According to one famous TAS speedrunner, Scott “pannenkoek2012” Buchanan, he and his team chose to do their tool-assisted speedrun of Super Mario 64 to see what else they could do on the game. It stems from a place of childhood wonder and how they can make the game go on forever.

The Super Mario 64 TAS

I can’t mention Scott Buchanan, or pannenkoek2012 as he’s known on YouTube, without mentioning the challenges he’s imposed on himself while playing Super Mario 64.

As the first game he played as a child, he decided to return to his childhood favorite game with the help of an emulator.

With his degree in computer science, he decided to share his challenges on YouTube and explain what he could do. In one such challenge, he attempted to complete Super Mario 64 without jumping from each platform without using the A-button.

As this button is integral to the game’s function, he had to play this game using only the game’s environmental hazards and various glitches. As he’s done more, he’s been steadily using the A-button less and less, and as of July 2022, Scott Buchanan completed his 120-star playthrough of Super Mario 64 with 16 A-presses.

Over the years, he’s even managed to get the impossible coin hidden on Tiny-Huge Island, a level previously declared impossible to reach. This coin has been known since 2002, when it was discovered and reported on the GameFAQs forums.

Using the tool-assisted speedrun, pannenkoek2012 collected it by jumping and kicking a single frame while heading out of water. He’s even mentioned that it would be possible to collect without tool assistance but would take a lot of practice.

Misconceptions About TAS

I previously mentioned some different opinions regarding tool-assisted speedruns from both speedrunners and those in the TAS community. But perhaps, in this case, I should go into more details about what misconceptions are held regarding tool-assisted speedruns.

Using my example of Super Mario 64 above, you can tell that the tool assistance hasn’t been used for any reason other than to beat pannenkoek2012’s personal best.

But what misconceptions are held out there for other TAS players?

Many assume that anyone using tool assistance is lazy, but understanding TAS is more complex than the average speedrun. While speedrunners need to practice understanding it, TAS users must fully understand the game’s code and calculate what they need to do. They also need to edit these videos to make them more entertaining.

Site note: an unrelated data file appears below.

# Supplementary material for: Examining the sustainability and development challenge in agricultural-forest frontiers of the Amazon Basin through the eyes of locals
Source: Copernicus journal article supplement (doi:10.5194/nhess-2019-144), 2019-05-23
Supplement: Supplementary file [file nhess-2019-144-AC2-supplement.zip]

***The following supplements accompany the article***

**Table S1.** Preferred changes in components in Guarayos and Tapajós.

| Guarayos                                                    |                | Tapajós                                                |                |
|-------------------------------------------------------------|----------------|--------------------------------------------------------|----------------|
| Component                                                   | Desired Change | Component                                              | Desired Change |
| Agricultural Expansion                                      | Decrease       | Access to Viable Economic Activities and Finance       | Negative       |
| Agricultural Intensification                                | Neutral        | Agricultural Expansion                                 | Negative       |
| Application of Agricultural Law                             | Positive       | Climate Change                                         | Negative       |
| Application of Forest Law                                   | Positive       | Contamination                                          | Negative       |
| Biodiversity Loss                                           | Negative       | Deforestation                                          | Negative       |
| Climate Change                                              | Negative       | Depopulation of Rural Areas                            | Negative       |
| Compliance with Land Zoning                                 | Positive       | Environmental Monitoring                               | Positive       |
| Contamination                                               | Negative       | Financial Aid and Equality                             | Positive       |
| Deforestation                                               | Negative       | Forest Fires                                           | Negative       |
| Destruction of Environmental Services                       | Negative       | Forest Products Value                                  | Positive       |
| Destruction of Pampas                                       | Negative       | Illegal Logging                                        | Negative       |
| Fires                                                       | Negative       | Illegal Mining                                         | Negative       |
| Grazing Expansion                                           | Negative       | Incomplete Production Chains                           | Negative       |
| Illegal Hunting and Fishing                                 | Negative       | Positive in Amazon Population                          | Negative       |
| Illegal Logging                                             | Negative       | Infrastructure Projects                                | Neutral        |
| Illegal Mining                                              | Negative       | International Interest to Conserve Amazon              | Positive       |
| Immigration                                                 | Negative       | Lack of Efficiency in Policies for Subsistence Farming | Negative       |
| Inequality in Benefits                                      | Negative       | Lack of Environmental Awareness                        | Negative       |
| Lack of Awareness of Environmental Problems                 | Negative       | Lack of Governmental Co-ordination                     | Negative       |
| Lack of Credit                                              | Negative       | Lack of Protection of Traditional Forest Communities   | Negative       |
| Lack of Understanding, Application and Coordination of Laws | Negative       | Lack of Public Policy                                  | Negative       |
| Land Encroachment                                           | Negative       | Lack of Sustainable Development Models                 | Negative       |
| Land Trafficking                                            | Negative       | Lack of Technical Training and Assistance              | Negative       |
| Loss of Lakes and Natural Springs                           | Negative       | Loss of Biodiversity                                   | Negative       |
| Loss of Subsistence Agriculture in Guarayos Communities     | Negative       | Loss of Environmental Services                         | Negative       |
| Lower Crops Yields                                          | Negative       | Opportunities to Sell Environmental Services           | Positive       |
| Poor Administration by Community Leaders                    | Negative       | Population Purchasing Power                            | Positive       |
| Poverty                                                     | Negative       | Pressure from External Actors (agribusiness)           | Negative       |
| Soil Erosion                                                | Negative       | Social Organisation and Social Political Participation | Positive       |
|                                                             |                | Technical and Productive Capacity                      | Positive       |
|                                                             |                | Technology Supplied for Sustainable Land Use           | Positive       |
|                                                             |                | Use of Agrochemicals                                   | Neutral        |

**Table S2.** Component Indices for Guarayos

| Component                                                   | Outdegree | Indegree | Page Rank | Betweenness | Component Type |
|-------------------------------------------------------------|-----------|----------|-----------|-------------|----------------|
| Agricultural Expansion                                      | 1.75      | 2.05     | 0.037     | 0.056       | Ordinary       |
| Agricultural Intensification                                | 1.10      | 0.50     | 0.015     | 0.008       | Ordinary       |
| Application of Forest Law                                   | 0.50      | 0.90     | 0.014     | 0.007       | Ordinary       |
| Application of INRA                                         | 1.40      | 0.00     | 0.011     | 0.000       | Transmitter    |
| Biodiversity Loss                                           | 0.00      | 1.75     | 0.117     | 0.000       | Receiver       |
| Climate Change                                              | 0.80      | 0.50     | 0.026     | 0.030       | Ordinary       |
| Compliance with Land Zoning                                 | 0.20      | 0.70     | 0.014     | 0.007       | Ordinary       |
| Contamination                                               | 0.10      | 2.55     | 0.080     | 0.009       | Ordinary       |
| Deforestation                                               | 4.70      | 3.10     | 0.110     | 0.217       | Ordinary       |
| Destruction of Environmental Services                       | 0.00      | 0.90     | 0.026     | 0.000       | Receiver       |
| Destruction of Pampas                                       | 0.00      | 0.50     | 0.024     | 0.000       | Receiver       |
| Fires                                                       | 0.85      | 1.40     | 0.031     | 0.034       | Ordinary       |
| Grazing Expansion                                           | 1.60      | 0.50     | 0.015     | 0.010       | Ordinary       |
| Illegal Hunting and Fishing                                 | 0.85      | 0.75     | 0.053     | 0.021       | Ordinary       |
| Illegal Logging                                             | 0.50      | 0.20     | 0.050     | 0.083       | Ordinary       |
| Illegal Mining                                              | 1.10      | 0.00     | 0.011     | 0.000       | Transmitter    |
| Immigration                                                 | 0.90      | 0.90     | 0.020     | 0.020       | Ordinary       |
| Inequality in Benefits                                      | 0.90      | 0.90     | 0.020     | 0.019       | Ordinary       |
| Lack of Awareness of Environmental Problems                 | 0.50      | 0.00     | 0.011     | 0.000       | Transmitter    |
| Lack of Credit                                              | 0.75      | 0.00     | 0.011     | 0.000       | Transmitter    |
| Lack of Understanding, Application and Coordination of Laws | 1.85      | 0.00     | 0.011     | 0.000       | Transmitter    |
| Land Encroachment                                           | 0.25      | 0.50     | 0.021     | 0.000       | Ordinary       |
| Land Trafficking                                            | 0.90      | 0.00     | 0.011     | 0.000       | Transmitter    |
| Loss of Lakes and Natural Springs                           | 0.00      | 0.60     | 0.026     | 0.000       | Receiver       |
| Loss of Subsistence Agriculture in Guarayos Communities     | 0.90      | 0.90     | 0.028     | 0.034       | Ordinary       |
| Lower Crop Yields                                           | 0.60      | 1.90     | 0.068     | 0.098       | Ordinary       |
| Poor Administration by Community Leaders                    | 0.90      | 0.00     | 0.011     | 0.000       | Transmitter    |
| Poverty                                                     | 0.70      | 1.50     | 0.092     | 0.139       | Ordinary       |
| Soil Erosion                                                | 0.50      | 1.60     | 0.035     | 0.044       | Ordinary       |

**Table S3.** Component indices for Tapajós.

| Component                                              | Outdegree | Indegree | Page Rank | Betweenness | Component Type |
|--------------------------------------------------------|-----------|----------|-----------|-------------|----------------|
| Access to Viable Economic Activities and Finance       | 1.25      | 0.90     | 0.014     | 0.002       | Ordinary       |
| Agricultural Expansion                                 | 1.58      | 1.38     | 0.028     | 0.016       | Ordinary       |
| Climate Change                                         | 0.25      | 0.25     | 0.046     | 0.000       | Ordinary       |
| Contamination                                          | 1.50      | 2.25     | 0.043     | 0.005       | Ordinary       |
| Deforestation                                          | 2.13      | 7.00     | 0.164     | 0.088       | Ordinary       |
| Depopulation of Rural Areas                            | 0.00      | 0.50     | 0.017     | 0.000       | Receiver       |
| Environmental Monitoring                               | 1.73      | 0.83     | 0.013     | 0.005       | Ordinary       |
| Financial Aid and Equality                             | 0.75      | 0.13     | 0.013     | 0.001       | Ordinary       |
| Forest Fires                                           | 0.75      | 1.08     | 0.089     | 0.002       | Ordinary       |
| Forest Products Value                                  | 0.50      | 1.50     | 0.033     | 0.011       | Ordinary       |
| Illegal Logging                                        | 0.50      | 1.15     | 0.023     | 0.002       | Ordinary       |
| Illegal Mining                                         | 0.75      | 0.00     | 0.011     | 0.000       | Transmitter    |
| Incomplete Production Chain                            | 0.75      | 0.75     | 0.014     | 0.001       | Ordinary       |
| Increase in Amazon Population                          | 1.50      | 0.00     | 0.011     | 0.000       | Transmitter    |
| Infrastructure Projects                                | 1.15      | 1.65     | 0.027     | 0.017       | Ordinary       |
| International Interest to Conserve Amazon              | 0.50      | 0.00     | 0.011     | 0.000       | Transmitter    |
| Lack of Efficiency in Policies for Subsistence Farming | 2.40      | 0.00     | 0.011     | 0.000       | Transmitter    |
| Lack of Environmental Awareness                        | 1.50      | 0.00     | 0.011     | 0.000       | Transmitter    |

Glitches in TAS

Then some believe that abusing glitches ruins the experience, which is an average playthrough it’s true. But TAS is about challenging the game’s modes and creating ridiculous challenges for the player.

It’s not about being better than others but simply finding other ways to play the game. It’s even been said that it takes away the game’s human element, but several players will search for glitches.

You can even perform some of these glitches on the actual console, so it rarely takes away from the humanity of the speedrun. Some players will even say that the game being skipped will ruin the entertainment factor, but it’s instead its own form of entertainment.

There’s a joy in seeing a game get beaten in such a small amount of time. You can’t even say it makes the game too easy as so much research is implemented into a tool-assisted speedrun to make it work.

While some will say that a tool-assisted speedrun is useless, others find the challenge of understanding the code and the strategy much more entertaining. There’s no reason to say that a TAS is useless, as it’s not done to break any records as speedrunning is usually done. Instead, it is done as a theoretical exploration that should be encouraged.

Final Thoughts

Now that you’ve read this article, you should know better and understand how a tool-assisted speedrun works.

If you want to know more, then feel free to check out forums and communities around TAS to get more involved. If you’re more interested in normal speedruns, that’s alright too.

Both are different ways to play the game, and you can enjoy both. Depending on your niche, you may prefer one over the other. But just remember that TAS videos are solely made as a form of research and entertainment and haven’t been designed to be taken seriously.

Some speedrunners may use them for research. So long as they aren’t used to breaking records, there’s no reason to worry. If you want to see some TAS videos, head to YouTube. Over there, you should be able to find a TAS of any of your favorite games.

Regardless of what the game is, there should be a TAS run available for it online. If you want to make your own, then feel free to contact TAS community members to find out more.

Just remember, there’s no shame in tool-assisted speedruns.

There are so many features of games to explore, and in a way, TAS playthroughs can introduce a brand new perspective on how you can play your favorite game. So go out there and check out a few videos if you’re curious about how tool-assisted speedruns work.

Happy TASing!

Leave a Reply